Methylmalonyl-CoA epimerase (MCE) converts d-methylmalonyl-CoA epimer to l-methylmalonyl-CoA epimer in the propionyl-CoA to succinyl-CoA pathway. Only seven cases of MCE deficiency have been described. In two cases, MCE deficiency was combined with sepiapterin reductase deficiency. The reported clinical pictures of isolated MCE are variable, with two asymptomatic patients and two other patients presenting with metabolic acidosis attacks. For combined MCE and sepiapterin reductase deficiency, the clinical picture is dominated by neurologic alterations. We report isolated MCE deficiency in a boy who presented at five years of age with acute metabolic acidosis. Metabolic investigations were consistent with propionic aciduria (PA). Unexpectedly, propionyl-CoA carboxylase activity was within the reference range. Afterward, apparently intermittent and mild excretion of methylmalonic acid (MMA) was discovered. Methylmalonic pathway gene set analysis using the next-generation sequencing approach allowed identification of the common homozygous nonsense pathogenic variant (c.139C &gt; T-p.Arg47*) in the methylmalonyl-CoA epimerase gene (MCEE). Additional cases of MCE deficiency may help provide better insight regarding the clinical impact of this rare condition. MCE deficiency could be considered a cause of mild and intermittent increases in methylmalonic acid.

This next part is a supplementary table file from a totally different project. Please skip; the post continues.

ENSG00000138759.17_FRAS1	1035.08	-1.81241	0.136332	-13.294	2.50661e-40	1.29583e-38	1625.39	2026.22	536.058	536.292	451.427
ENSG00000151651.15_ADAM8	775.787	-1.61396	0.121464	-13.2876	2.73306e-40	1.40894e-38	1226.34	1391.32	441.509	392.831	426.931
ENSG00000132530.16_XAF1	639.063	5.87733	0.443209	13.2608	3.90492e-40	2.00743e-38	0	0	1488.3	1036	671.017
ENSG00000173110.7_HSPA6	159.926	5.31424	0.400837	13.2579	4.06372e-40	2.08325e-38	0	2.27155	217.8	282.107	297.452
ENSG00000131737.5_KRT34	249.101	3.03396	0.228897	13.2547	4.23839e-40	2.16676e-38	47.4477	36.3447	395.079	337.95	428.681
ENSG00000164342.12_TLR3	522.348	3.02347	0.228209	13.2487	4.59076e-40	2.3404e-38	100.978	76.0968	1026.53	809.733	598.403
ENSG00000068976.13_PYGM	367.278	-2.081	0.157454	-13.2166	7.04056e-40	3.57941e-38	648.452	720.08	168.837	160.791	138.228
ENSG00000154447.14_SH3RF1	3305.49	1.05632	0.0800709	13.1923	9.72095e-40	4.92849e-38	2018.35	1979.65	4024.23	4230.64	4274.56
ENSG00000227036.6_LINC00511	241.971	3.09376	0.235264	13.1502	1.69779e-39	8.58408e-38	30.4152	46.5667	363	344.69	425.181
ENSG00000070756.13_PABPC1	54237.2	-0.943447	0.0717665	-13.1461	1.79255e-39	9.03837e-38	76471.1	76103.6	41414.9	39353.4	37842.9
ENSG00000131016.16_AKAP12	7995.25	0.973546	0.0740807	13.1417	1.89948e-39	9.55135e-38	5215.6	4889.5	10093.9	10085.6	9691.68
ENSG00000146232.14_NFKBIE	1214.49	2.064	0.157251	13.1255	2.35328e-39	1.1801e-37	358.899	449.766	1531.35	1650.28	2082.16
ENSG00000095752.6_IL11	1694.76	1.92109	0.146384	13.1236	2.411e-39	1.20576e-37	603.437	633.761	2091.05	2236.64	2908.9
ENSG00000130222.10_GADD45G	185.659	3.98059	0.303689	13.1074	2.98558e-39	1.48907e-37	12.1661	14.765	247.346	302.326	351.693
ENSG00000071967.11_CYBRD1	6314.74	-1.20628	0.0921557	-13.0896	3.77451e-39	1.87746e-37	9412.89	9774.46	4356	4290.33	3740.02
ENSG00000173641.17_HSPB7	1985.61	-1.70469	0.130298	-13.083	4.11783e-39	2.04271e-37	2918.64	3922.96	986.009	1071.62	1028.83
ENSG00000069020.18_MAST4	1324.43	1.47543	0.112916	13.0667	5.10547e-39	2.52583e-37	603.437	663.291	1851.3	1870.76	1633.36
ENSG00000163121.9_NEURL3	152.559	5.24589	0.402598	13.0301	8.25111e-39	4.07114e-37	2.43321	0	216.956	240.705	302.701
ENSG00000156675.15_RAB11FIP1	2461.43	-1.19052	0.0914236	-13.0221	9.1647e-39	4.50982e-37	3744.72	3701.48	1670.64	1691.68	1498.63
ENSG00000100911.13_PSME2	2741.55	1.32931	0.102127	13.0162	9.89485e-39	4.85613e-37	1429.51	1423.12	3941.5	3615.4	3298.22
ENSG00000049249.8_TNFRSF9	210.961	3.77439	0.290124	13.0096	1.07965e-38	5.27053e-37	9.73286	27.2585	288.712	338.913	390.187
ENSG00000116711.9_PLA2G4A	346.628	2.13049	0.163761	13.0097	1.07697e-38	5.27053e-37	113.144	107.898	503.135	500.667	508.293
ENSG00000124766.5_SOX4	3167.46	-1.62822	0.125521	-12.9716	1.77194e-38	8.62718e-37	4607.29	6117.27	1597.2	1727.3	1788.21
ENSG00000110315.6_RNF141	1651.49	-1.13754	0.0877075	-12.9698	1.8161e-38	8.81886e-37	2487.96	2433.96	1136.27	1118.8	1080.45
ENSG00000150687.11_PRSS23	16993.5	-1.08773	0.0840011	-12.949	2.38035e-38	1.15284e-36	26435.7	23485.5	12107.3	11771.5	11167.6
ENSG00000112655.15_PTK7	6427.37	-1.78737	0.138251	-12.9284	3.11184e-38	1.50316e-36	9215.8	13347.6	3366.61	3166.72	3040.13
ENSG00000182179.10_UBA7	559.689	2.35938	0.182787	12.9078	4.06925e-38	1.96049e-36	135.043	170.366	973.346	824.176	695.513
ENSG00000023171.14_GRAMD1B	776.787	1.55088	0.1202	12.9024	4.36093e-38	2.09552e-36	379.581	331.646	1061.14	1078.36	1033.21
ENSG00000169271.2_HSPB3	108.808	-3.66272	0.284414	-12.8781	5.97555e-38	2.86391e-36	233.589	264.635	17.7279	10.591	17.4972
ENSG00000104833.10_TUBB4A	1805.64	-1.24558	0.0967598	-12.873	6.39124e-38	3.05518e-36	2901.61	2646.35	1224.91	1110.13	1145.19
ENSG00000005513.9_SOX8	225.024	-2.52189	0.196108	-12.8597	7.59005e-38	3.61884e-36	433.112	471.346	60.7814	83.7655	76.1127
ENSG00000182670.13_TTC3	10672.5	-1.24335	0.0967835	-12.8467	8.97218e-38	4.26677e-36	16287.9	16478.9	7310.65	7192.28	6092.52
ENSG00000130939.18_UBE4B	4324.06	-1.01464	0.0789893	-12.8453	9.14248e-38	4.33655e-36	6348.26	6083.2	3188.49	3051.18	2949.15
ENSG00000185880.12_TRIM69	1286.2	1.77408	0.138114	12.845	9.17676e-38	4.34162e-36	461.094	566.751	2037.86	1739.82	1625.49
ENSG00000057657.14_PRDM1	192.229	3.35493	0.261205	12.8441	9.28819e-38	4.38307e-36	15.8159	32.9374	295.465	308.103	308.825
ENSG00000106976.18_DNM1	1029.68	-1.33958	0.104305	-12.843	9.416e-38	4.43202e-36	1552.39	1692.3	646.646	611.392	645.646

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Carcinoma mucoepidermoide de bajo grado de glándula salival menor de lengua en un paciente pediátrico

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Publication date: Available online 31 October 2017
Source:Acta Otorrinolaringológica Española
Author(s): María Fernanda Vargas Gamarra, José María Perolada Vilmaña, Miguel Armengot Carceller




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Preparation and physicochemical properties of protein concentrate and isolate produced from Acacia tortilis (Forssk.) Hayne ssp. raddiana

Abstract

The composition and physicochemical properties of defatted acacia flour (DFAF), acacia protein concentrate (APC) and acacia protein isolate (API) were evaluated. The results indicated that API had lower, ash and fat content, than DFAF and APC. Also, significant difference in protein content was noticed among DFAF, APC and API (37.5, 63.7 and 91.8%, respectively). Acacia protein concentrate and isolates were good sources of essential amino acids except cystine and methionine. The physicochemical and functional properties of acacia protein improved with the processing of acacia into protein concentrate and protein isolate. The results of scanning electron micrographs showed that DFAF had a compact structure; protein concentrate were, flaky, and porous type, and protein isolate had intact flakes morphology.